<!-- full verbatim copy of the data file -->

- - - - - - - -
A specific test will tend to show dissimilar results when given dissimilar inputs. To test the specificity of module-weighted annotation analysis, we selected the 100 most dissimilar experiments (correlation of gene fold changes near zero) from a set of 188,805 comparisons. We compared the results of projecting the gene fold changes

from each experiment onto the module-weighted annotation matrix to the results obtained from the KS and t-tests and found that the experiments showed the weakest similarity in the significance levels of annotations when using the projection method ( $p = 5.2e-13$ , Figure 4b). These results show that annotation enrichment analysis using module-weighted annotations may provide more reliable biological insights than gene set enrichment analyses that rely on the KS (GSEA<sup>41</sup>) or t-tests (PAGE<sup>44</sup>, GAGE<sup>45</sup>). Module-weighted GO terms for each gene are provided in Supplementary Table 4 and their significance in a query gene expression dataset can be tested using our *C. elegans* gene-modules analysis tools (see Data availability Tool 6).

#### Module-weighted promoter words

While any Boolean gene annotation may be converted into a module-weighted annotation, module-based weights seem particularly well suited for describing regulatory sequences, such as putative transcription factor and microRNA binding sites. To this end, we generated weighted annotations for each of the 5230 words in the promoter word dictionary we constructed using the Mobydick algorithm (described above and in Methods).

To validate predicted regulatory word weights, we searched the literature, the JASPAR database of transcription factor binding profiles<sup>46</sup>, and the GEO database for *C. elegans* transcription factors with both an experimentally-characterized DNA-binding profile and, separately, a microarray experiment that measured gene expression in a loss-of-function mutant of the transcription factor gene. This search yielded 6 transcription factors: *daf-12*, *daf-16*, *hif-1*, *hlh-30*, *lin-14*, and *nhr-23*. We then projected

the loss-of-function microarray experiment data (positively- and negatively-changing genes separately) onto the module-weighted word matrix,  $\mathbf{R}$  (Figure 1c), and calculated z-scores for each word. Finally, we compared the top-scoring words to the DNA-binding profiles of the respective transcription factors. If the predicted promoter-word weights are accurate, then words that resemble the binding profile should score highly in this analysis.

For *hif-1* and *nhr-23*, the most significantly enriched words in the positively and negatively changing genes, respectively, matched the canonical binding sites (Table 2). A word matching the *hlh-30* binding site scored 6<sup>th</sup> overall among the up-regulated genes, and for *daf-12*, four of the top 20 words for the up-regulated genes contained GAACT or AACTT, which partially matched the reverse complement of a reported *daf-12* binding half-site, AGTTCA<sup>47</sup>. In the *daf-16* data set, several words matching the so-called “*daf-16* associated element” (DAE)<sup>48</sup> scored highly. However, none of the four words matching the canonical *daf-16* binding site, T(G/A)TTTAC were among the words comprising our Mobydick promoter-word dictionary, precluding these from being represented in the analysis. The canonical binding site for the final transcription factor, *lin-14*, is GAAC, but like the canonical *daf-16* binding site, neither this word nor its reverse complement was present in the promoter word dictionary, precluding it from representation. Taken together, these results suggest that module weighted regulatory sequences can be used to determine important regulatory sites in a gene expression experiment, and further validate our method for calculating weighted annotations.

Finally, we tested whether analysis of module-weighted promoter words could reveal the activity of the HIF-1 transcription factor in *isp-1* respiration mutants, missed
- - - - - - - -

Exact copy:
A specific test will tend to show dissimilar results when given dissimilar inputs. To test the specificity of module-weighted annotation analysis, we selected the 100 most dissimilar experiments (correlation of gene fold changes near zero) from a set of 188,805 comparisons. We compared the results of projecting the gene fold changes

from each experiment onto the module-weighted annotation matrix to the results obtained from the KS and t-tests and found that the experiments showed the weakest similarity in the significance levels of annotations when using the projection method ( $p = 5.2e-13$ , Figure 4b). These results show that annotation enrichment analysis using module-weighted annotations may provide more reliable biological insights than gene set enrichment analyses that rely on the KS (GSEA<sup>41</sup>) or t-tests (PAGE<sup>44</sup>, GAGE<sup>45</sup>). Module-weighted GO terms for each gene are provided in Supplementary Table 4 and their significance in a query gene expression dataset can be tested using our *C. elegans* gene-modules analysis tools (see Data availability Tool 6).

#### Module-weighted promoter words

While any Boolean gene annotation may be converted into a module-weighted annotation, module-based weights seem particularly well suited for describing regulatory sequences, such as putative transcription factor and microRNA binding sites. To this end, we generated weighted annotations for each of the 5230 words in the promoter word dictionary we constructed using the Mobydick algorithm (described above and in Methods).

To validate predicted regulatory word weights, we searched the literature, the JASPAR database of transcription factor binding profiles<sup>46</sup>, and the GEO database for *C. elegans* transcription factors with both an experimentally-characterized DNA-binding profile and, separately, a microarray experiment that measured gene expression in a loss-of-function mutant of the transcription factor gene. This search yielded 6 transcription factors: *daf-12*, *daf-16*, *hif-1*, *hlh-30*, *lin-14*, and *nhr-23*. We then projected

the loss-of-function microarray experiment data (positively- and negatively-changing genes separately) onto the module-weighted word matrix,  $\mathbf{R}$  (Figure 1c), and calculated z-scores for each word. Finally, we compared the top-scoring words to the DNA-binding profiles of the respective transcription factors. If the predicted promoter-word weights are accurate, then words that resemble the binding profile should score highly in this analysis.

For *hif-1* and *nhr-23*, the most significantly enriched words in the positively and negatively changing genes, respectively, matched the canonical binding sites (Table 2). A word matching the *hlh-30* binding site scored 6<sup>th</sup> overall among the up-regulated genes, and for *daf-12*, four of the top 20 words for the up-regulated genes contained GAACT or AACTT, which partially matched the reverse complement of a reported *daf-12* binding half-site, AGTTCA<sup>47</sup>. In the *daf-16* data set, several words matching the so-called “*daf-16* associated element” (DAE)<sup>48</sup> scored highly. However, none of the four words matching the canonical *daf-16* binding site, T(G/A)TTTAC were among the words comprising our Mobydick promoter-word dictionary, precluding these from being represented in the analysis. The canonical binding site for the final transcription factor, *lin-14*, is GAAC, but like the canonical *daf-16* binding site, neither this word nor its reverse complement was present in the promoter word dictionary, precluding it from representation. Taken together, these results suggest that module weighted regulatory sequences can be used to determine important regulatory sites in a gene expression experiment, and further validate our method for calculating weighted annotations.

Finally, we tested whether analysis of module-weighted promoter words could reveal the activity of the HIF-1 transcription factor in *isp-1* respiration mutants, missed